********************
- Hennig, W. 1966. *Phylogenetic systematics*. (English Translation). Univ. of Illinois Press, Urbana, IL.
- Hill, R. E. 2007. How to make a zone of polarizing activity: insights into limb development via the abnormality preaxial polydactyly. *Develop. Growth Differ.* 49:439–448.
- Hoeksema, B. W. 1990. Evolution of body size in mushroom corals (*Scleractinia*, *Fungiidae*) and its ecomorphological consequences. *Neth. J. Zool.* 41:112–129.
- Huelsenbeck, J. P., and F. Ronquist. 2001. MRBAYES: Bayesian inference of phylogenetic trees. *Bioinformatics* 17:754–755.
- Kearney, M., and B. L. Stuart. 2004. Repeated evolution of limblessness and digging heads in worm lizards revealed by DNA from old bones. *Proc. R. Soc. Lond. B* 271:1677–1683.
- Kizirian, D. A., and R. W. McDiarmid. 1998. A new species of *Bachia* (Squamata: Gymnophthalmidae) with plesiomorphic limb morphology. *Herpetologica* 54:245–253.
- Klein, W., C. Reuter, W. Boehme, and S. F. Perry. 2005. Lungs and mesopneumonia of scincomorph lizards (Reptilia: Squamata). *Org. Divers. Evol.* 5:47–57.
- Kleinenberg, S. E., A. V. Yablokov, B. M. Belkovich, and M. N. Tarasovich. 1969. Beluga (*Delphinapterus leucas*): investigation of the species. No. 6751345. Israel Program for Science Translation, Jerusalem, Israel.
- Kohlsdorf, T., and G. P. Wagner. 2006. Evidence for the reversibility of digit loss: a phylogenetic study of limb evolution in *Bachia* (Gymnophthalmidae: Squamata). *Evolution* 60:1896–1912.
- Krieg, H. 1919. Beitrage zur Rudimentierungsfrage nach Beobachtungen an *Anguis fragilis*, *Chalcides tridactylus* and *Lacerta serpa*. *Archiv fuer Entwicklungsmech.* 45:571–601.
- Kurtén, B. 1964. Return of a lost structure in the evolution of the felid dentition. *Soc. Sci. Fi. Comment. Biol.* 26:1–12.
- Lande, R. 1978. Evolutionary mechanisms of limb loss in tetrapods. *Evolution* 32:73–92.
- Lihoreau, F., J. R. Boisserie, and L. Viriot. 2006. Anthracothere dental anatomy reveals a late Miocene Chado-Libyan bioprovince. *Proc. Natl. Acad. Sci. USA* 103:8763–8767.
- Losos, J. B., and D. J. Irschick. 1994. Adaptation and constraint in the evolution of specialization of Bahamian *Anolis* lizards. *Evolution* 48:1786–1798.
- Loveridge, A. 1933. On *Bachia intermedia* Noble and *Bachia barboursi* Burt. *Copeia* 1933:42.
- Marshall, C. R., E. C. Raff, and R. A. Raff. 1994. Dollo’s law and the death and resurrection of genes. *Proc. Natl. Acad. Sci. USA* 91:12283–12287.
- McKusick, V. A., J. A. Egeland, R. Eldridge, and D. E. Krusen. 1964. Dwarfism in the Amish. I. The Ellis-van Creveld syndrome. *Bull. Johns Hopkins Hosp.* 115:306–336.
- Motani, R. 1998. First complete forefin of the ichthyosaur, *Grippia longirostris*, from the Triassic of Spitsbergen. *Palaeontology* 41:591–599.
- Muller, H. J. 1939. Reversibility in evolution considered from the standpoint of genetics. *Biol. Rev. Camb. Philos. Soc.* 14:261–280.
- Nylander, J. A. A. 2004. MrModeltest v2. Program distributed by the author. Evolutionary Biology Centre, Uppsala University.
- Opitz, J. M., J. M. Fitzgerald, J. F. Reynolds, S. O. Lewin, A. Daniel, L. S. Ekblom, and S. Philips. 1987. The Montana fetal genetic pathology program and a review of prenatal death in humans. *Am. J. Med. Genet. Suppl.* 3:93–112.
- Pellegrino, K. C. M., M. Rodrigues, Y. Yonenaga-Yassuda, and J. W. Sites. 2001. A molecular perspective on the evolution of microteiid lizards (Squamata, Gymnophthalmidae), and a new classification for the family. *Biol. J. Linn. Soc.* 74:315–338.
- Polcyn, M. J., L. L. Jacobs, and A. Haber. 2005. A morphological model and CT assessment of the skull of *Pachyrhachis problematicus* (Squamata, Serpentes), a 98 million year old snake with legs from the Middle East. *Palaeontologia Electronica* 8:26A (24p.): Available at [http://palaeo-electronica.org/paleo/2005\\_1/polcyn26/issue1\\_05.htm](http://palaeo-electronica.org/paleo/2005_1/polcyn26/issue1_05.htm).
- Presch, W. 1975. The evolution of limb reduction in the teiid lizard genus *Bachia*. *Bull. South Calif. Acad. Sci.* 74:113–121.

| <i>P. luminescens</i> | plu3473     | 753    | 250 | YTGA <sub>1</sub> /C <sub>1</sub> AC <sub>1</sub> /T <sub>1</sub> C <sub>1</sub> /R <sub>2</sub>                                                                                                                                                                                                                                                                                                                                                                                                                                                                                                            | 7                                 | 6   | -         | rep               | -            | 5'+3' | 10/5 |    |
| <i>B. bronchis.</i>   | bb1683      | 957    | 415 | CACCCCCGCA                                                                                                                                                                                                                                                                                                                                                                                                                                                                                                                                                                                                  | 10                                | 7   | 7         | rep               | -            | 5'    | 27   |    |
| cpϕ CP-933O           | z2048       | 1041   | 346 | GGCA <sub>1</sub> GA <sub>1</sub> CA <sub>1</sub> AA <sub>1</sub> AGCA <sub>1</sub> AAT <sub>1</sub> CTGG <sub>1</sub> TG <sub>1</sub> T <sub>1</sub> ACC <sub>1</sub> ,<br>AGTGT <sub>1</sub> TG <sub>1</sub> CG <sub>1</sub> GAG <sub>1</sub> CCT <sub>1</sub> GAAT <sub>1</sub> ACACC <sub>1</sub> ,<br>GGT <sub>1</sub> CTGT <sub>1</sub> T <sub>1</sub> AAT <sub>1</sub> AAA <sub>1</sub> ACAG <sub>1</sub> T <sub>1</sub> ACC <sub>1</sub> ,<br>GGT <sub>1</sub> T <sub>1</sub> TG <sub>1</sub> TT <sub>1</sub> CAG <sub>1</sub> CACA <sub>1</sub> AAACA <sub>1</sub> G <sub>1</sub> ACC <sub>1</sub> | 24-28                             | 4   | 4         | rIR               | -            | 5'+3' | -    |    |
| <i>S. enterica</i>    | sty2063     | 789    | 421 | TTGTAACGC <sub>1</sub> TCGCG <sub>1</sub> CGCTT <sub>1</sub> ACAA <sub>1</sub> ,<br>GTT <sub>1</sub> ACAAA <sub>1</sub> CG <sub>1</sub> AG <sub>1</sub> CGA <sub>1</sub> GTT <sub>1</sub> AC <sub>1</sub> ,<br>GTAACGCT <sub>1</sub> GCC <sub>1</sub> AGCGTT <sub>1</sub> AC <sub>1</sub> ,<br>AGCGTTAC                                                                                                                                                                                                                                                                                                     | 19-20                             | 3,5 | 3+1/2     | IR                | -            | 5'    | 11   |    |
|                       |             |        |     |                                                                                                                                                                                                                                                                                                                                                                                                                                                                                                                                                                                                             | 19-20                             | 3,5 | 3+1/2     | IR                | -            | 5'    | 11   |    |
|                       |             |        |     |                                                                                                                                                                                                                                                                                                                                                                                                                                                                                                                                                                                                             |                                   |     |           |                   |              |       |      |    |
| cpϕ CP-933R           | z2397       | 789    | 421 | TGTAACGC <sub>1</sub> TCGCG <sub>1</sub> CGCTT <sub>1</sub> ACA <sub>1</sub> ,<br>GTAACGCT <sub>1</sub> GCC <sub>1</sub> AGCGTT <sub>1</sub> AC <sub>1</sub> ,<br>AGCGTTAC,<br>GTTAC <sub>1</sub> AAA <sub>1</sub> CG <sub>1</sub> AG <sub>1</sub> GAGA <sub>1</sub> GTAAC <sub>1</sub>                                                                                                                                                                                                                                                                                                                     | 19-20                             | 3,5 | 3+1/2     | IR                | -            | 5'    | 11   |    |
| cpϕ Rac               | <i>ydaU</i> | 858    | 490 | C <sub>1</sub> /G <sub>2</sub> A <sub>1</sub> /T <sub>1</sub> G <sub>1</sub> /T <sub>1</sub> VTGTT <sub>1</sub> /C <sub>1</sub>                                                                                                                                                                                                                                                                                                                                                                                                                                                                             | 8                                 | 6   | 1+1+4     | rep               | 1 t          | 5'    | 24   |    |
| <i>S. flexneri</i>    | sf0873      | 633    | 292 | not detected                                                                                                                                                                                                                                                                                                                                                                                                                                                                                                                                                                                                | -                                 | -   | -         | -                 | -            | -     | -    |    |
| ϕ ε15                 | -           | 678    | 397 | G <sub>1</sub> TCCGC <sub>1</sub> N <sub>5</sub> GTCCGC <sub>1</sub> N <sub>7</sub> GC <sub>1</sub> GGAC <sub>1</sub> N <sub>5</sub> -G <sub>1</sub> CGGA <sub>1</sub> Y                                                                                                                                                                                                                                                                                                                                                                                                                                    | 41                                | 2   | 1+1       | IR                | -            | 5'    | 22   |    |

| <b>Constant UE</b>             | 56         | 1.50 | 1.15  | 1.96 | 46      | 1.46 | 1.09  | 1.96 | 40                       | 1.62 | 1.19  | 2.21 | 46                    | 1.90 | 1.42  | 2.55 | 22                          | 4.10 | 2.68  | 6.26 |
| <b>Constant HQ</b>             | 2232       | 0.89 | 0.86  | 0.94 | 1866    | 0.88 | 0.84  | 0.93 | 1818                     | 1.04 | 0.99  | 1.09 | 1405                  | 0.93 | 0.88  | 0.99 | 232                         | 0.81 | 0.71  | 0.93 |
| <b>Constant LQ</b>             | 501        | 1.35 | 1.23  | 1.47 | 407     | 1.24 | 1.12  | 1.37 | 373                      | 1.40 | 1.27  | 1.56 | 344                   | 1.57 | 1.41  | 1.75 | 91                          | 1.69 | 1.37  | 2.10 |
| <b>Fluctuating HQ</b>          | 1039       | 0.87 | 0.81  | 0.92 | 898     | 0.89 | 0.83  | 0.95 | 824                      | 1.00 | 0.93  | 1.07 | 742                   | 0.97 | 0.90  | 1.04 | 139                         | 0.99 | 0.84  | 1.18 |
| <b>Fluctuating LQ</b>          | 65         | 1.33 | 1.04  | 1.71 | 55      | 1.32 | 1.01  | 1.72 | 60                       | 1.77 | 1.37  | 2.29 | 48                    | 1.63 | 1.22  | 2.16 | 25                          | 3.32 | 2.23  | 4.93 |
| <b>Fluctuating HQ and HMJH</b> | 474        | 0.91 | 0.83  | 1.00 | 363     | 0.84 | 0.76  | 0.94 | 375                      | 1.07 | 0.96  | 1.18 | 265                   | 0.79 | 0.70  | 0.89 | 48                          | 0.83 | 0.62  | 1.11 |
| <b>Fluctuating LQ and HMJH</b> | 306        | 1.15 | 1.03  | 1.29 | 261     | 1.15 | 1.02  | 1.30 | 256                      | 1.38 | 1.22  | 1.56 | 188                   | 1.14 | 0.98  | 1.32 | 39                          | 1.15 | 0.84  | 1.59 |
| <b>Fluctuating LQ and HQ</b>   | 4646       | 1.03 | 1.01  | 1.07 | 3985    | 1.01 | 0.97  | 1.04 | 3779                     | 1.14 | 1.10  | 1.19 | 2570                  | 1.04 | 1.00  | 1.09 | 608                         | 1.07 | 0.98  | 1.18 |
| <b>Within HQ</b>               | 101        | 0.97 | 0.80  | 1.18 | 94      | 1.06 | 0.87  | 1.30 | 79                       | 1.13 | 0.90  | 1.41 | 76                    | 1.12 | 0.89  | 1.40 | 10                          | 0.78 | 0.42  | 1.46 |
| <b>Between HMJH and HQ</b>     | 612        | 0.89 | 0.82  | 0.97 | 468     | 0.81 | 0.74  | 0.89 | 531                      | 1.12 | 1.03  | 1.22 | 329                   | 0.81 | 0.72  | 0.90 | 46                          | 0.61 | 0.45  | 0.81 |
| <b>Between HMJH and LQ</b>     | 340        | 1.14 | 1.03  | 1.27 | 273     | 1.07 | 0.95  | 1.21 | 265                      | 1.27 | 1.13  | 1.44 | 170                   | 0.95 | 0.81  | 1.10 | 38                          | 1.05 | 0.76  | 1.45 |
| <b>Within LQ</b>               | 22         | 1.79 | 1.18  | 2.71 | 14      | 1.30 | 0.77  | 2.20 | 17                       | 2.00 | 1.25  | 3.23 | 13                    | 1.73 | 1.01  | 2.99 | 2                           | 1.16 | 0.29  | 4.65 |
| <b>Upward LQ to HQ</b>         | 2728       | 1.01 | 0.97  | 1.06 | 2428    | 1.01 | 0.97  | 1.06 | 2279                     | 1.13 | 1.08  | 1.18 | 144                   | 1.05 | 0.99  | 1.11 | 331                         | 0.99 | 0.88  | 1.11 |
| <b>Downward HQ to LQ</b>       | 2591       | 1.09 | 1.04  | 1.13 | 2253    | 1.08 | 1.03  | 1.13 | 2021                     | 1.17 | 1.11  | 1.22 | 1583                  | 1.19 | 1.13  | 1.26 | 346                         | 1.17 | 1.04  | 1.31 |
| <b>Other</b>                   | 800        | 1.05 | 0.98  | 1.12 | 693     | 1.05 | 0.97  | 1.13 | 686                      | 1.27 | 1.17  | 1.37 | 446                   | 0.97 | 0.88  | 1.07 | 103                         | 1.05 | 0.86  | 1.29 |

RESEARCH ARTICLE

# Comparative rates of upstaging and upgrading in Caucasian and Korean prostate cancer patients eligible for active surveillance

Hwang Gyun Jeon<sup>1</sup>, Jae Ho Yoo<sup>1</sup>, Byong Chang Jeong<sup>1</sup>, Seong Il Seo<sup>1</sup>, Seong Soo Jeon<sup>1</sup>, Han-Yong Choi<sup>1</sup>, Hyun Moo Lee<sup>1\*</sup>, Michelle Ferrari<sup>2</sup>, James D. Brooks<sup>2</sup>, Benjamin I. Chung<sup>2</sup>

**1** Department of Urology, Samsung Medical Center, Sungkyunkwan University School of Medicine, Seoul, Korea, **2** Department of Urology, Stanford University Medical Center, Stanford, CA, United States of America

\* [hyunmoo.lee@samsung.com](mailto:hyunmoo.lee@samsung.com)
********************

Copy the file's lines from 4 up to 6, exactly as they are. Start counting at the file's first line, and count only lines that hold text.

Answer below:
- Huelsenbeck, J. P., and F. Ronquist. 2001. MRBAYES: Bayesian inference of phylogenetic trees. *Bioinformatics* 17:754–755.
- Kearney, M., and B. L. Stuart. 2004. Repeated evolution of limblessness and digging heads in worm lizards revealed by DNA from old bones. *Proc. R. Soc. Lond. B* 271:1677–1683.
- Kizirian, D. A., and R. W. McDiarmid. 1998. A new species of *Bachia* (Squamata: Gymnophthalmidae) with plesiomorphic limb morphology. *Herpetologica* 54:245–253.